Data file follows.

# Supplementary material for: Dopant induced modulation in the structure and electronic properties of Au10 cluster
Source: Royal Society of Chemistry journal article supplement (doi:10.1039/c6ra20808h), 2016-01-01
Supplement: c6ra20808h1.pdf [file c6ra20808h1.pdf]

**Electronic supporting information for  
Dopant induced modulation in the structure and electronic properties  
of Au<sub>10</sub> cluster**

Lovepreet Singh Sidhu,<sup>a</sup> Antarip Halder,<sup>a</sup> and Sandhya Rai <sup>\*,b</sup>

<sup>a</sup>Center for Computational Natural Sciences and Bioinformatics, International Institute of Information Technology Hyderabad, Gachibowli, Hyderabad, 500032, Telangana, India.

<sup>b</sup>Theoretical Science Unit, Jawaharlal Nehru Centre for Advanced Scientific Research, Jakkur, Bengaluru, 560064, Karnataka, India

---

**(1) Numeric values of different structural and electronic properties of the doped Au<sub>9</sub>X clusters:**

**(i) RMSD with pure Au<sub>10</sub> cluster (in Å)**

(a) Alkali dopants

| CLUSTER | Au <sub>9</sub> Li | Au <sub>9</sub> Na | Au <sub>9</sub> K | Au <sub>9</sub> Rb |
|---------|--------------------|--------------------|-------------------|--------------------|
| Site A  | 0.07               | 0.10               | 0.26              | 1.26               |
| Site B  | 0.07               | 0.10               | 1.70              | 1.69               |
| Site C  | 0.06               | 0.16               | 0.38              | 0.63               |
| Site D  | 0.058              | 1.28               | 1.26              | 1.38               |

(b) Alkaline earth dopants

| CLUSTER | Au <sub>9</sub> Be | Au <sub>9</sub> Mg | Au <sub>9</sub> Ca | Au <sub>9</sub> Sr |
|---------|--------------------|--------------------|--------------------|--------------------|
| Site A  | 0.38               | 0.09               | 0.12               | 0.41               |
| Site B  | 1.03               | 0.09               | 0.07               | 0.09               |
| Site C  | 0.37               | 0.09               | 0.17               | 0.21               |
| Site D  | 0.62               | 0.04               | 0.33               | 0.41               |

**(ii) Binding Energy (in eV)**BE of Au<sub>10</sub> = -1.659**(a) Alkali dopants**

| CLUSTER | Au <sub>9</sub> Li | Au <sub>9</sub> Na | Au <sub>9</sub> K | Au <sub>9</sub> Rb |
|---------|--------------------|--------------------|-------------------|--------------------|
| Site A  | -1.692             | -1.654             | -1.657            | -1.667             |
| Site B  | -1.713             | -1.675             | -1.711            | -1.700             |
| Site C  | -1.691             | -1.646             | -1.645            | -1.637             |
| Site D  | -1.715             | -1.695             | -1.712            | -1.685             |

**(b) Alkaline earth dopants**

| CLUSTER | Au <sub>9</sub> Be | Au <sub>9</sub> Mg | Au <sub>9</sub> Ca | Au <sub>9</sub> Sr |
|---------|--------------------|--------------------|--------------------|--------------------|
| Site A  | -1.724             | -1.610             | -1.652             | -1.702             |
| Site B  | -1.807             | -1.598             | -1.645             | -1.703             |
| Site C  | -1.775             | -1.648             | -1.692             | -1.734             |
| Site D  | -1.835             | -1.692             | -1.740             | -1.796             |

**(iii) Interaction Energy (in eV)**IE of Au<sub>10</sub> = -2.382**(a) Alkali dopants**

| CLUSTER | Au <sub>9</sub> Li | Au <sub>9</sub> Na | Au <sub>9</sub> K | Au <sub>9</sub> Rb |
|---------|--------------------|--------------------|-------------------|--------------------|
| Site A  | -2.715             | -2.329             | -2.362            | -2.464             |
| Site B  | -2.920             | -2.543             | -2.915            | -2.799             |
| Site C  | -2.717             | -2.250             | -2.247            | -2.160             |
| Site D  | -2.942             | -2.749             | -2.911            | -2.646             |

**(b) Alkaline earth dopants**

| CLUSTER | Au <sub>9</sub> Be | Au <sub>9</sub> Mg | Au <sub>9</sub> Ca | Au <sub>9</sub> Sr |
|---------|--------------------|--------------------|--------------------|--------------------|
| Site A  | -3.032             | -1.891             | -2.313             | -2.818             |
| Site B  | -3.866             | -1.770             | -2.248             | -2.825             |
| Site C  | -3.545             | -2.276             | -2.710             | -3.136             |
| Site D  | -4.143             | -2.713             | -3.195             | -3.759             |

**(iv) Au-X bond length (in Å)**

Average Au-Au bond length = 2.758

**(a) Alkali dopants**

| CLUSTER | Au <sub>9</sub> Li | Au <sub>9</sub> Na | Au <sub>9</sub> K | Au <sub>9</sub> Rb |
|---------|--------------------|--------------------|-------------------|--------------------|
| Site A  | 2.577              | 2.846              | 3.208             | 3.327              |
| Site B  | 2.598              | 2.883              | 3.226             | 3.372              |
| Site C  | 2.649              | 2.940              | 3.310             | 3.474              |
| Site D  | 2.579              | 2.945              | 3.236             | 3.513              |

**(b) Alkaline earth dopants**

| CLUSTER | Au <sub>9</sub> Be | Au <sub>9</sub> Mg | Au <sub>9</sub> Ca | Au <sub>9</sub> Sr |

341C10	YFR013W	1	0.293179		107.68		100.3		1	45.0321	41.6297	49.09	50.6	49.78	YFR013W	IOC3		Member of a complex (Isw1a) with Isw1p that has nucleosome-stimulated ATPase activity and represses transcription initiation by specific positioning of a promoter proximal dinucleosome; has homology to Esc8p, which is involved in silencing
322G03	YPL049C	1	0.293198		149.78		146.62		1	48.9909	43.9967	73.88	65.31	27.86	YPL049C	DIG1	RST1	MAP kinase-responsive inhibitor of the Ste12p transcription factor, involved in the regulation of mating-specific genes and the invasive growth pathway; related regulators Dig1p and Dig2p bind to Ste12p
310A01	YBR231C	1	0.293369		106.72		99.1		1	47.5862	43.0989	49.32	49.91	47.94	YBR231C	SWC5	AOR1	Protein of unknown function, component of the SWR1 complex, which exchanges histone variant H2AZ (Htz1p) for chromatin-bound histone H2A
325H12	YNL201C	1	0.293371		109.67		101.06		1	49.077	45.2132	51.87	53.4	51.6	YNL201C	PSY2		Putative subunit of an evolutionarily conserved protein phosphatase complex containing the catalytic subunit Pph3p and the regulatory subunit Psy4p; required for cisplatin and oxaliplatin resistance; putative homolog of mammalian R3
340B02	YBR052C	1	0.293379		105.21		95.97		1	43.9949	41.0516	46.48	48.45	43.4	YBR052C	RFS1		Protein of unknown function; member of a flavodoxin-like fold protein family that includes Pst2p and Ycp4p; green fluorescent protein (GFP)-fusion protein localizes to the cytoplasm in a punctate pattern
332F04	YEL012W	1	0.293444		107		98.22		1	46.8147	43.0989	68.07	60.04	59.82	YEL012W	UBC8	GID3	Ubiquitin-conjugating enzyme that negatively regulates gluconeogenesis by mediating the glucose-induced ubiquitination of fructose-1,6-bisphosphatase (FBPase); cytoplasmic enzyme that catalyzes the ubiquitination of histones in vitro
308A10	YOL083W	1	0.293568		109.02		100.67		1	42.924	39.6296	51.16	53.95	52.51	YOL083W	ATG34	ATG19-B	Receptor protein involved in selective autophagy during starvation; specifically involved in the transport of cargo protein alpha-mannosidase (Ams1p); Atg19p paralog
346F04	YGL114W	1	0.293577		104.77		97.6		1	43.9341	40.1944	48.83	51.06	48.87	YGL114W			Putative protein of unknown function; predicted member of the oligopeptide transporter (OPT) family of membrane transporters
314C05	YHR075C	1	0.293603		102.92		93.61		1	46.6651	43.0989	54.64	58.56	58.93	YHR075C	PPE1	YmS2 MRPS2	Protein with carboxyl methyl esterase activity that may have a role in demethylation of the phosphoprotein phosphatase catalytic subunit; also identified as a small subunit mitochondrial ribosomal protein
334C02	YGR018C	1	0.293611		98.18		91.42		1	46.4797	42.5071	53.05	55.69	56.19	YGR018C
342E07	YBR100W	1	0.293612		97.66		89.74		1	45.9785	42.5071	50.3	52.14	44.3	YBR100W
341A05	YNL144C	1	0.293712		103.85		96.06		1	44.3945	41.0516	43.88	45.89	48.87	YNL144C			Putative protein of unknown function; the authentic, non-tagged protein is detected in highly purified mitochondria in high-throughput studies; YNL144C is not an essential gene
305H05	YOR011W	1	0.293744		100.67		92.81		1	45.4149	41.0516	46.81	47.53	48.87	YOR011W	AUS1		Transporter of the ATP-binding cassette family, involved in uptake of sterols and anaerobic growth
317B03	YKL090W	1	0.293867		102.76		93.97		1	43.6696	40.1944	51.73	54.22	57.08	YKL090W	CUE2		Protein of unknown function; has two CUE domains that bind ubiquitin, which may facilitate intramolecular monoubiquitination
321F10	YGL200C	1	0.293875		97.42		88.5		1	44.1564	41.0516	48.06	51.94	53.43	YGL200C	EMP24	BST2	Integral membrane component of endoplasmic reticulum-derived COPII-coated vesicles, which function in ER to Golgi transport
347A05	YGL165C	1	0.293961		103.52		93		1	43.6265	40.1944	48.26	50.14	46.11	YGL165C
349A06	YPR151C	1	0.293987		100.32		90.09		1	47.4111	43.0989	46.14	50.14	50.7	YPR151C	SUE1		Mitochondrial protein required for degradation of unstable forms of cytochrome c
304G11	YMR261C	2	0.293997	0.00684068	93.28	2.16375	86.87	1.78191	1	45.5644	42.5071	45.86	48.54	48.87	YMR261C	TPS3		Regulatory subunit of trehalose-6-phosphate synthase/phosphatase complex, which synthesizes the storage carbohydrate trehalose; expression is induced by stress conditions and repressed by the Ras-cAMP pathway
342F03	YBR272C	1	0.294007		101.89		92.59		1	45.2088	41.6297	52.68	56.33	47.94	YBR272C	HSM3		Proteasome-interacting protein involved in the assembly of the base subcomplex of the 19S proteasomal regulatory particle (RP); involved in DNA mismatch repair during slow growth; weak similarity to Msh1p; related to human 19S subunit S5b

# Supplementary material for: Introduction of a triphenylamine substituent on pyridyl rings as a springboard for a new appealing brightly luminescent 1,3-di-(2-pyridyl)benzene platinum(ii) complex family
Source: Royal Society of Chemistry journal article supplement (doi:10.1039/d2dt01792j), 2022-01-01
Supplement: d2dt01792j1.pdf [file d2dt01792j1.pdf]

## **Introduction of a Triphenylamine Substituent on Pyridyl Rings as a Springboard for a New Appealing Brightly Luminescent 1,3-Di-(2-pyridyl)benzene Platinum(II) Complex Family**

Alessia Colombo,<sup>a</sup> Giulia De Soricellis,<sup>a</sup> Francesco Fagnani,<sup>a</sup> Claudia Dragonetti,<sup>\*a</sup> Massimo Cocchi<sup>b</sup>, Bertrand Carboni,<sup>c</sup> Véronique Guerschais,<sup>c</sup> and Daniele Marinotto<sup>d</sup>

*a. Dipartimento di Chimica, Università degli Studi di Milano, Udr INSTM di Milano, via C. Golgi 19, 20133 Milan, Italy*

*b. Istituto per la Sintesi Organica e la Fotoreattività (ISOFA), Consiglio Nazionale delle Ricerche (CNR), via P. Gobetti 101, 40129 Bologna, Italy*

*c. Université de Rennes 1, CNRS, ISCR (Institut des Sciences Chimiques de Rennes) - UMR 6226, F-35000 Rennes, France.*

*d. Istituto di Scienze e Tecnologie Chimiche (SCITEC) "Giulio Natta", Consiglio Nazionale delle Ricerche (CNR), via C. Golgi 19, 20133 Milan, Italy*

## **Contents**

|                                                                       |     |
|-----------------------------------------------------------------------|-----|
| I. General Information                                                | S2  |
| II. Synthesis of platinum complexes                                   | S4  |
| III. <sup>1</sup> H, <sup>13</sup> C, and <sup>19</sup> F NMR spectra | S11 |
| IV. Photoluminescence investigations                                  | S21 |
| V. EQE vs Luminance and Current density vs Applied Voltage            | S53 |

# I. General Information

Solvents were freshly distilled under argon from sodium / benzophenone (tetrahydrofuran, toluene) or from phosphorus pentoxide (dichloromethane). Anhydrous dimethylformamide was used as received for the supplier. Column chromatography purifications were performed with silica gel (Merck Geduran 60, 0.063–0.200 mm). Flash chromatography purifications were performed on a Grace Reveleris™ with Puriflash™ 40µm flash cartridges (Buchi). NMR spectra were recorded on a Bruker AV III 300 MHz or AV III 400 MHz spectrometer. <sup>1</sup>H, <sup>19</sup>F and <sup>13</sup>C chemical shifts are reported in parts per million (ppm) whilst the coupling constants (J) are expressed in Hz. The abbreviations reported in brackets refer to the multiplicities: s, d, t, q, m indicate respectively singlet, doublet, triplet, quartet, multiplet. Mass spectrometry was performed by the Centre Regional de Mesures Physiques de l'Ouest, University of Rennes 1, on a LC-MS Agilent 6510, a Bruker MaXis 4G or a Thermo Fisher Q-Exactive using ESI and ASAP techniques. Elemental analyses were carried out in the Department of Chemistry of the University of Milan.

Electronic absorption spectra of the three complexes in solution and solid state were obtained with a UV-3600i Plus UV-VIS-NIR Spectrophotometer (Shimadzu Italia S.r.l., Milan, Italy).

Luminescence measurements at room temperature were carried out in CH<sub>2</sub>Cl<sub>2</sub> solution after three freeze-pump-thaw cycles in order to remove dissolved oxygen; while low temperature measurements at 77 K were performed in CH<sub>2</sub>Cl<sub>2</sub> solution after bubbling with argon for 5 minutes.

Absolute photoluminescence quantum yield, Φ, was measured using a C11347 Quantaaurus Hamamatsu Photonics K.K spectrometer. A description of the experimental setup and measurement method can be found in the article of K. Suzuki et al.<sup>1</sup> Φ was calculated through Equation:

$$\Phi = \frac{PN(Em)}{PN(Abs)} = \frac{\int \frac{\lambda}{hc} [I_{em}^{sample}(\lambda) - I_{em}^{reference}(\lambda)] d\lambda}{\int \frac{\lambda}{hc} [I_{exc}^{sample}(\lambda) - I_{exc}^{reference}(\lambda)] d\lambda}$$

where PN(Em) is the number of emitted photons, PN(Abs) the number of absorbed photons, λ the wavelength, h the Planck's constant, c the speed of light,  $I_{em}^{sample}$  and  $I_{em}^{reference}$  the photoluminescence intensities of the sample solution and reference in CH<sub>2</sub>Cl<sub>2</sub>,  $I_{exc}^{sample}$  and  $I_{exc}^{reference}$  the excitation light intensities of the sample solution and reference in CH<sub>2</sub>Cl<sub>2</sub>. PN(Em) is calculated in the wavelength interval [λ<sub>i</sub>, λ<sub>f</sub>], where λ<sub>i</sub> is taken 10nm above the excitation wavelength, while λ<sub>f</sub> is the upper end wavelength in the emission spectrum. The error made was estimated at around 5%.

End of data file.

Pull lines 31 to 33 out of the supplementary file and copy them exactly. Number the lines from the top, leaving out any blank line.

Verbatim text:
| Site B  | -1.713             | -1.675             | -1.711            | -1.700             |
| Site C  | -1.691             | -1.646             | -1.645            | -1.637             |
| Site D  | -1.715             | -1.695             | -1.712            | -1.685             |